- Speak Slowly: Give them time to process and respond to what you’re saying.
- Maintain Eye Contact: This helps them feel connected and engaged in the conversation.
- Be Patient: Give them time to express themselves. Avoid rushing or interrupting.
- Listen Actively: Pay attention to their non-verbal cues and emotions. Listen beyond just the words they’re saying.
- Avoid Arguing: If they say something that doesn’t match reality, don’t correct them. Instead, focus on their emotions and feelings.
- Give One Instruction at a Time: Break down tasks into smaller steps and give instructions one at a time.
- Use Visual Aids: Show pictures or gestures to help convey your message and enhance understanding.
- Use Positive Tone: Use a calm and friendly tone to convey warmth and reassurance.
- Stay Present: Minimize distractions and give them your full attention during conversations.
- Be Empathetic: Understand and acknowledge their emotions, even if their words are unclear.
- Redirect Instead of Correct: If they become agitated or stuck on a topic, gently steer the conversation in a different direction.
What strategies can I use to manage challenging behaviours?
Dealing with challenging behaviors requires understanding and thoughtful approaches. Here are some strategies you can consider:
- Stay Calm: Maintain your composure, as your calm behaviour can help diffuse tense situations.
- Identify Triggers: Observe what might be causing the behaviour and try to avoid or modify those triggers.
- Redirect Attention: Gently shift the person’s focus to a different activity or topic to divert their attention from the behaviour.
- Offer Distractions: Introduce calming activities or objects to redirect their energy.
- Validate Emotions: Acknowledge the feelings of the person you’re taking care of even if you can’t change the situation. Validation can help reduce frustration.
- Create Routine: Consistent routines can provide a sense of security and reduce confusion.
- Use Simple Language: Communicate clearly with simple words and short sentences to avoid confusion.
- Provide Choices: Offer options to empower the person living with dementia and give a sense of control.
- Ensure Comfort: Check for physical discomfort like hunger, thirst, or pain that might be contributing to the behavior.
- Limit Noise and Stimulation: Reduce overwhelming stimuli in the environment that might trigger agitation.
- Involve the person living with dementia: Engage them in decision-making when possible to foster a sense of involvement.
Remember, each person is unique, and what works might vary. Patience and flexibility are key as you discover which strategies work best for the person you’re taking care of.
How do I provide personal care while maintaining the person’s dignity?
Ensuring personal care while respecting a person’s dignity is crucial. Here are strategies to help maintain their sense of self-worth:
- Privacy and Respect: Always knock and wait for permission before entering their space. Close doors and curtains for privacy during personal care tasks.
- Explain the Process: Communicate each step of the care routine in simple terms, explaining what you’re doing and why.
- Offer Choices: When possible, provide choices that give them a sense of control. For instance, “Would you like to wear the blue shirt or the red one?”
- Use Positive Language: Frame requests positively to avoid making them feel helpless. Instead of saying “Let me do that,” say “Can I help you with this?”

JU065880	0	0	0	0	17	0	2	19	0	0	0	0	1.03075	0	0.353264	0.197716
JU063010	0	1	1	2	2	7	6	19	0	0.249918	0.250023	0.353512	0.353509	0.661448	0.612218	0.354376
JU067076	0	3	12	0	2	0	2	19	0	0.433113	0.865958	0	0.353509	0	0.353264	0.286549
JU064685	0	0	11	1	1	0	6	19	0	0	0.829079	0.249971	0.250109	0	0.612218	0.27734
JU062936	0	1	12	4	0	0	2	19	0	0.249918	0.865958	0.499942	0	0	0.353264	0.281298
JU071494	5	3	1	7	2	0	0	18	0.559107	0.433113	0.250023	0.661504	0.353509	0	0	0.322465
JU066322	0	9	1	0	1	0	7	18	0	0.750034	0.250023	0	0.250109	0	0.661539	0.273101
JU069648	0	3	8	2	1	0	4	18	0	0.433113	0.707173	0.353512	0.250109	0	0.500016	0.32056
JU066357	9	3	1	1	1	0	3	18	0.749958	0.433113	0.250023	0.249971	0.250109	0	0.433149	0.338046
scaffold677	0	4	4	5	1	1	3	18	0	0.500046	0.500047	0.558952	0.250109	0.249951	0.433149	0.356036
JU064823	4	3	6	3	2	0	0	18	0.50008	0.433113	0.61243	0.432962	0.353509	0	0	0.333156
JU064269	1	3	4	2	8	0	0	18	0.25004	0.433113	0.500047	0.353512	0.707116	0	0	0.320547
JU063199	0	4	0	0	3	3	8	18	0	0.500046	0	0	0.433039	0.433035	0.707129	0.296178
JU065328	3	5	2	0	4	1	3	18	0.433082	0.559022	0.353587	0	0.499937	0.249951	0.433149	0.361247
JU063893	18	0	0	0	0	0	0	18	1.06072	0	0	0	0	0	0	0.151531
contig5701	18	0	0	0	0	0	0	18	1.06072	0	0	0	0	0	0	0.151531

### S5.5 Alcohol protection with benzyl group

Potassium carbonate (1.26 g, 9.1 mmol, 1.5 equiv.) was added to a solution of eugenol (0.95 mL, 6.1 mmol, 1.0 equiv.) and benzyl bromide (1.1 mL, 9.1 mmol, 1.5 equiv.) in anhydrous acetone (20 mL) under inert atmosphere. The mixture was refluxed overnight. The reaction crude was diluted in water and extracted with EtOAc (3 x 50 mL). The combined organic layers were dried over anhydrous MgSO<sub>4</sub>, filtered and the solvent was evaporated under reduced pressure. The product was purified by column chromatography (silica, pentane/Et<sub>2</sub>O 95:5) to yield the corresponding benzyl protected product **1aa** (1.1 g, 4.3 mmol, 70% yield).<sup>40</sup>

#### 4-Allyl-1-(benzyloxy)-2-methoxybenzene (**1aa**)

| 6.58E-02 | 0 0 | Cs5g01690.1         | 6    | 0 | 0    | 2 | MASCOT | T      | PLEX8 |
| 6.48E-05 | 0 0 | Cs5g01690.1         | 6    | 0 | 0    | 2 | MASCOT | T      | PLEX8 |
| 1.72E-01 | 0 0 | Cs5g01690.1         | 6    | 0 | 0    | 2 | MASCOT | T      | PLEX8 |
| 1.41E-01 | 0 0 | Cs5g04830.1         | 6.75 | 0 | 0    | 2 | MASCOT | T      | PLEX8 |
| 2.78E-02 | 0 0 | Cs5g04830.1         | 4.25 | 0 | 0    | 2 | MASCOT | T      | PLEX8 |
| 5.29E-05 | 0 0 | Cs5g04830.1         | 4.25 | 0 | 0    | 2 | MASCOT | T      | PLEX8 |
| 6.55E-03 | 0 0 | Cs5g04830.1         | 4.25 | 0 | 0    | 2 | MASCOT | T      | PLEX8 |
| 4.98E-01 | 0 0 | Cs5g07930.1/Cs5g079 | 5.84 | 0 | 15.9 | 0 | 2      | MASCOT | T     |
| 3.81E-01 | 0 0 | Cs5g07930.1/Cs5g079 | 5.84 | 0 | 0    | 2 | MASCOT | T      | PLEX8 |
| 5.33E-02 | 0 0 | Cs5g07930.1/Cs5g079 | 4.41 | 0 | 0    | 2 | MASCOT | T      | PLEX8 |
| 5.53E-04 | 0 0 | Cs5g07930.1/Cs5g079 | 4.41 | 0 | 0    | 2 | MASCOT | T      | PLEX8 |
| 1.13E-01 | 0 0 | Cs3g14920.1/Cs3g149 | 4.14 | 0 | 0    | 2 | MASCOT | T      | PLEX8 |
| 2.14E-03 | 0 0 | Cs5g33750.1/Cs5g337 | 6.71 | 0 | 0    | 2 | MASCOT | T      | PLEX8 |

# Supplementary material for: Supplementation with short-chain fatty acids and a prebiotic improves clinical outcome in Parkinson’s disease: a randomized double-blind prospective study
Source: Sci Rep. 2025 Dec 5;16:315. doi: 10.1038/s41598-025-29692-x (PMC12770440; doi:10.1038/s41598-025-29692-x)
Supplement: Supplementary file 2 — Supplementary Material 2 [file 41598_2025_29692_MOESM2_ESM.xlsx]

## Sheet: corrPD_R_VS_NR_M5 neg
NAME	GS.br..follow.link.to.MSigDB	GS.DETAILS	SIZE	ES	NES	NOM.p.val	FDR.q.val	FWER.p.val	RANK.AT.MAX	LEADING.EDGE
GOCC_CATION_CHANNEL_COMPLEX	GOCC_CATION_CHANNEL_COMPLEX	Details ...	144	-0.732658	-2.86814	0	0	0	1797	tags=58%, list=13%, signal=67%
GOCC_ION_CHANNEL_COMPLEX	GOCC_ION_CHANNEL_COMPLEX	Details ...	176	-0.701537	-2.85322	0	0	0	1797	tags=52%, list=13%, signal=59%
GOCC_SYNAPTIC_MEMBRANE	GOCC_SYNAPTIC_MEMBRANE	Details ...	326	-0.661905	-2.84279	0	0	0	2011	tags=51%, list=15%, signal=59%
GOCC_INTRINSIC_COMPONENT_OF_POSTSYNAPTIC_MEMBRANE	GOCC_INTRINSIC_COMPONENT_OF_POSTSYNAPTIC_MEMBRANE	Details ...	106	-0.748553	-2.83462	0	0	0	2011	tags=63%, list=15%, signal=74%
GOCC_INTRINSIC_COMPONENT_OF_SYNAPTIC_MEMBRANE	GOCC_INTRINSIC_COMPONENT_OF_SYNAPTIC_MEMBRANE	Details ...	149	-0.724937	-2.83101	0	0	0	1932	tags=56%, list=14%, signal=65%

- Respect Timing: Whenever possible, work around their preferences and routines for tasks like bathing and dressing.
- Encourage Independence: Allow them to do as much as they can on their own. Assist only when needed.
- Maintain Eye Contact: Maintain eye contact and engage in friendly conversation to put them at ease.
- Slow and Gentle: Perform tasks at a slow and relaxed pace, using gentle touches.
- Distract When Necessary: If a task is uncomfortable, use distraction techniques like talking about pleasant topics or playing soothing music.
- Adapt the Environment: Make sure the room is warm, well-lit, and free of clutter to create a comfortable atmosphere.
- Offer Reassurance: Affirm their worth throughout the process, acknowledging their cooperation and thanking them for allowing you to assist.
What are some activities I can do with my loved one to keep them engaged and stimulated?
Making enjoyable activities with the person living with dementia allows to create meaningful experiences that keep them engaged and connected. Make sure to choose activities that align with their interest and abilities. Here is a list of activities that you can do with a person with dementia:
- Memory Games: Play memory games like matching cards, reminiscing about past experiences, or looking through old photo albums.
- Art and Crafts: Engage in simple art projects like coloring, painting, or crafting, tailored to their abilities.
- Gardening: Tend to indoor plants or a small garden, allowing them to connect with nature and enjoy a hands-on activity.
- Music Therapy: Listen to familiar music or play instruments together. Music can evoke memories and emotions.
- Puzzles: Choose puzzles with large pieces and simple designs to stimulate cognitive skills and problem-solving.
- Cooking or Baking: Prepare simple recipes together, involving them in measuring, stirring, or decorating.
- Nature Walks: Take leisurely walks outdoors, exploring parks or gardens to enjoy fresh air, sights, and sounds.
- Pet Therapy: Spend time with gentle pets or therapy animals, which can provide comfort and companionship.
- Reading and Storytelling: Read aloud their favourite stories or reminisce about shared memories and experiences.
- Sensory Activities: Create sensory experiences with textured materials, scents, and tactile objects to engage their senses.